University of Leicester eBulletin

University Centre Celebrates Fifth Birthday 

May 2002
No 103
 

RAC's fifth birthday party
ARTY PARTY: The Lord Mayor of Leicester, RAC staff, students, friends and supporters enjoyed two live performances at the Centre's fifth birthday celebrations

The University of Leicester Richard Attenborough Centre (RAC) threw open its doors on May 24 to celebrate five years since its official opening by Diana, Princess of Wales on May 27, 1997.

The RAC is dedicated to providing educational opportunities and experiences in the arts to members of the community with and without disabilities. Part of the University's Institute of Lifelong Learning, it is situated on Lancaster Road and welcomes over 500 people through its doors each week.

The fifth birthday party was an opportunity for supporters, friends, students and staff to come together and look forward to the future as well as celebrate the achievements of the last five years.

The Right Worshipful the Lord Mayor of Leicester, Councillor Maggie Bodell-Stagg, was present for this special event and cut the birthday cake.

Taking place between 3.45 and 6.00 pm, the party included the opening of the 2002 student art exhibition, for which every student who has attended classes in painting, drawing or sculpture during the year is invited to submit work. The theme of 'Carnival' was chosen for this year's exhibition, resulting in an array of extremely imaginative and high quality work.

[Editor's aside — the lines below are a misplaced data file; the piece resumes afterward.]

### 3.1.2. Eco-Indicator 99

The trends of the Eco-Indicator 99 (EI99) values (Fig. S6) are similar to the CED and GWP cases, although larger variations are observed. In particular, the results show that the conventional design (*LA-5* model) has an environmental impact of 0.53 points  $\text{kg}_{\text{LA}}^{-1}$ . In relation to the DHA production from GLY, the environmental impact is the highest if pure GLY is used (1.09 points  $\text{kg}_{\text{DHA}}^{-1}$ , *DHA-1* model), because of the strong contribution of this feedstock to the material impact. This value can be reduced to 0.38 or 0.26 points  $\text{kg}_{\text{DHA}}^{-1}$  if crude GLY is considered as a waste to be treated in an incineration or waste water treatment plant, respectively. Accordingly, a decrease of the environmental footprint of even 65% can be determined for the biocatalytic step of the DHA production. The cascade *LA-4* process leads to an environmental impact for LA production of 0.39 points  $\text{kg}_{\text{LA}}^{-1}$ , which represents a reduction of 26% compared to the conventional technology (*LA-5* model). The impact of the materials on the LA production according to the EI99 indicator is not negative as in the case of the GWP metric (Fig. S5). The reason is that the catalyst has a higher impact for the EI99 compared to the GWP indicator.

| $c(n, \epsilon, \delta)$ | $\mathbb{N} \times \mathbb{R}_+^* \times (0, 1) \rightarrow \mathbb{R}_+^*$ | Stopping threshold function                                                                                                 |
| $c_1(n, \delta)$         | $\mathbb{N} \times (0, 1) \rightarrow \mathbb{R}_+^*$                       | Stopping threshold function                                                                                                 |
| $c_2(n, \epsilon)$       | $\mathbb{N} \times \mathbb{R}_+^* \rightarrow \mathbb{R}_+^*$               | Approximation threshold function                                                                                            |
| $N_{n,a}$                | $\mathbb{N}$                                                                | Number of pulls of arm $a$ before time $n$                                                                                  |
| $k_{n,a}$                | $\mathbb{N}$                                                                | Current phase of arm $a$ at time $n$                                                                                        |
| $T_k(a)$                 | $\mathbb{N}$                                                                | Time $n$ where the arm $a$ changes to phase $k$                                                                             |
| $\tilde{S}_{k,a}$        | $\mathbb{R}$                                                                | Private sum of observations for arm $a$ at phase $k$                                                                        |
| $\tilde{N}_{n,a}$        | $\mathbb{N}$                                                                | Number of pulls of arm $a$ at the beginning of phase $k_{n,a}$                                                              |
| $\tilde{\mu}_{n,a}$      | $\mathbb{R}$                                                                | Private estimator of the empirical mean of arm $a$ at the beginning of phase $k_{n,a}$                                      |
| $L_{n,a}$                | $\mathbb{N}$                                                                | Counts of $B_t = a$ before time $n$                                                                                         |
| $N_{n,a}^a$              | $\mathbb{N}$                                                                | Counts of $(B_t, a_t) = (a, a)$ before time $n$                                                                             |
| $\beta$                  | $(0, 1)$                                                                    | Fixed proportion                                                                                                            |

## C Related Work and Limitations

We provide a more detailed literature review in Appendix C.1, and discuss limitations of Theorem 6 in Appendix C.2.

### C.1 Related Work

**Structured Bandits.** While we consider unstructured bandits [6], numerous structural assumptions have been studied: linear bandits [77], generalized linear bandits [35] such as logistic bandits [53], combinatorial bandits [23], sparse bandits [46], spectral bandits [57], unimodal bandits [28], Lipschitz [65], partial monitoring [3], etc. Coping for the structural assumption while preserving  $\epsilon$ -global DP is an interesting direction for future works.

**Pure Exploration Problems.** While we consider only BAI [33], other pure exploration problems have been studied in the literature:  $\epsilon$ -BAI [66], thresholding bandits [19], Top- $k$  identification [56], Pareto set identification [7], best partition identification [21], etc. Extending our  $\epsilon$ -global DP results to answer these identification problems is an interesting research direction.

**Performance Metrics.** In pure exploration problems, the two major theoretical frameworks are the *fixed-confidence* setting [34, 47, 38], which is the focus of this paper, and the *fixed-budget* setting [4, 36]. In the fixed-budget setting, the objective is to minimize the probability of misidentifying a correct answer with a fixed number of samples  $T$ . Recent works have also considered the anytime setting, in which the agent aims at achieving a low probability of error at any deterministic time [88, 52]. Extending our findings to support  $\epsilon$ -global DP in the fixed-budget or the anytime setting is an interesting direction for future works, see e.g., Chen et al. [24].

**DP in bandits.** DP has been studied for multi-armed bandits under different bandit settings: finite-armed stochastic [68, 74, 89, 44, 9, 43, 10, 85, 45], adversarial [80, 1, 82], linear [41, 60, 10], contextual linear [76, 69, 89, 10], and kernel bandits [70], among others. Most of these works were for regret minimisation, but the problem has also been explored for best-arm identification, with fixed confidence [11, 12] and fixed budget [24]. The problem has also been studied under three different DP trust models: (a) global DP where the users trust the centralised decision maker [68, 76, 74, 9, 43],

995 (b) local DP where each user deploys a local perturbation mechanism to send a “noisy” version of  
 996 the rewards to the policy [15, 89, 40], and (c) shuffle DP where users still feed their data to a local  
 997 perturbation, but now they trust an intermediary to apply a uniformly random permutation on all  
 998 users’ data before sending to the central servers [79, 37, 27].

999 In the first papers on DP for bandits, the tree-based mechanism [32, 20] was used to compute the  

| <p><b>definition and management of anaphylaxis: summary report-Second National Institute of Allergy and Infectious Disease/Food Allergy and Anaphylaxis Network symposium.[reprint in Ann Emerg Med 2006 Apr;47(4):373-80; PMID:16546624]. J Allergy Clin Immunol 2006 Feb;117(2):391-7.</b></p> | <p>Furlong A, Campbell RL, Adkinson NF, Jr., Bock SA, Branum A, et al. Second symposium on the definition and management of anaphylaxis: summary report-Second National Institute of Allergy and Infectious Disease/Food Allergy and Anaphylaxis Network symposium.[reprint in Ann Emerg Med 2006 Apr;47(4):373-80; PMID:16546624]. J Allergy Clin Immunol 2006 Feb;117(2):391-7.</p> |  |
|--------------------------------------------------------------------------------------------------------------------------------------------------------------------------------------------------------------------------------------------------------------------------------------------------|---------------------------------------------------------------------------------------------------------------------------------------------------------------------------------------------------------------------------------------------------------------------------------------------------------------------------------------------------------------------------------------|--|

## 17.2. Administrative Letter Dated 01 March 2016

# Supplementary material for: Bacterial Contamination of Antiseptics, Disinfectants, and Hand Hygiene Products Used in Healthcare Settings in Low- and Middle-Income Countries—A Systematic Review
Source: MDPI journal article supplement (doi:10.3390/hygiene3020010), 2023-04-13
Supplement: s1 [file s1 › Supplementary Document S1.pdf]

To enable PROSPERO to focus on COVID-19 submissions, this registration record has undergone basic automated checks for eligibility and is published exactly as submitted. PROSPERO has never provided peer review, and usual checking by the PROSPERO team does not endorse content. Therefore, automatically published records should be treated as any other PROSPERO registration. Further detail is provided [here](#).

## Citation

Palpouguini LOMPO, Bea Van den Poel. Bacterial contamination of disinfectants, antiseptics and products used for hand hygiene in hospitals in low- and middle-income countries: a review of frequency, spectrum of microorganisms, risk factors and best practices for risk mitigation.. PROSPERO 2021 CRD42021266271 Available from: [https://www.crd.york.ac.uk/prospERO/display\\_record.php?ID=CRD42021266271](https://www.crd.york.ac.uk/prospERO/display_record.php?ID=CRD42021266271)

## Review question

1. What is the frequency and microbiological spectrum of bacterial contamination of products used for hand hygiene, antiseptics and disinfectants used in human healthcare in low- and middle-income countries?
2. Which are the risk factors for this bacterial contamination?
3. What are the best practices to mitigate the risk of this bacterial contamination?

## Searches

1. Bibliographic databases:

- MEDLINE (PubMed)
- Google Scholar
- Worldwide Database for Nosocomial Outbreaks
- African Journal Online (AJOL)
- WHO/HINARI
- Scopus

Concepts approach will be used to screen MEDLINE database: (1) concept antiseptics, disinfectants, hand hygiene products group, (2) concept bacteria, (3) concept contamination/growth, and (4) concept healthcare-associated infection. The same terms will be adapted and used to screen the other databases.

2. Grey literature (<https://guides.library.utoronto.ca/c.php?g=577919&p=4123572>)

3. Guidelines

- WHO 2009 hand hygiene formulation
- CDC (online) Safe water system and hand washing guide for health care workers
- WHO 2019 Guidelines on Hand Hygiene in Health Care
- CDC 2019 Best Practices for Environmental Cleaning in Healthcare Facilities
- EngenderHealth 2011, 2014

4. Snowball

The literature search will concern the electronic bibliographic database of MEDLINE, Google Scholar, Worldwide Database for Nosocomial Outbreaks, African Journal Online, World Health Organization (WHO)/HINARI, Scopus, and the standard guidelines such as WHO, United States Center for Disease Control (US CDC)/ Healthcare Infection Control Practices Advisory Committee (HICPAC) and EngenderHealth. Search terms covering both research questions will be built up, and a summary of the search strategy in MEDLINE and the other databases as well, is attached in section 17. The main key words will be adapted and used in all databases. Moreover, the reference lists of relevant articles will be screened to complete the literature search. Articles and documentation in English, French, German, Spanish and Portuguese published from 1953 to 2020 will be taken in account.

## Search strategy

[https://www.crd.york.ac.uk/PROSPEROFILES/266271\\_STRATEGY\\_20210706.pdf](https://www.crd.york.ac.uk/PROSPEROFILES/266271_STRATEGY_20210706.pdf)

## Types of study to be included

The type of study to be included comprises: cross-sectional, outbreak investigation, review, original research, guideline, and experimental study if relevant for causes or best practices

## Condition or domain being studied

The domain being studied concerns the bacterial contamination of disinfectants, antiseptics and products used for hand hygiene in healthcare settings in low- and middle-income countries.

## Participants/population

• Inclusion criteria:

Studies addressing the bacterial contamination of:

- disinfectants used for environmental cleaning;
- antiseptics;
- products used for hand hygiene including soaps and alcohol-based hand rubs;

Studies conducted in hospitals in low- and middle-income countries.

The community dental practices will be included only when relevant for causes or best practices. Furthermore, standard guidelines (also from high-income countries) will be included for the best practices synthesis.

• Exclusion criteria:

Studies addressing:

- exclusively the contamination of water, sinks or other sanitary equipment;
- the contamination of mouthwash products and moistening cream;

Guests at the party also had the chance to enjoy two live performances, both of them from artists who made their Leicester debuts at the RAC about a year ago and who have returned several times since to much acclaim.

Tina Dixon and Sheagh Broomhall are former members of Anjali, a professional contemporary dance company all of whose members have learning disabilities. Now working independently in their own dance company SO...!, they performed pieces written for them by leading British choreographers Matthew Hawkins and Rosalind Conlon. The dance performance were followed by an appearance from Iranian vocalist Hamid, whose stirring and emotive blend of traditional and contemporary Persian song is fast making him a fixture on the Leicester music scene.

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Information supplied by: Barbara Whiteman
Last updated: May 2002
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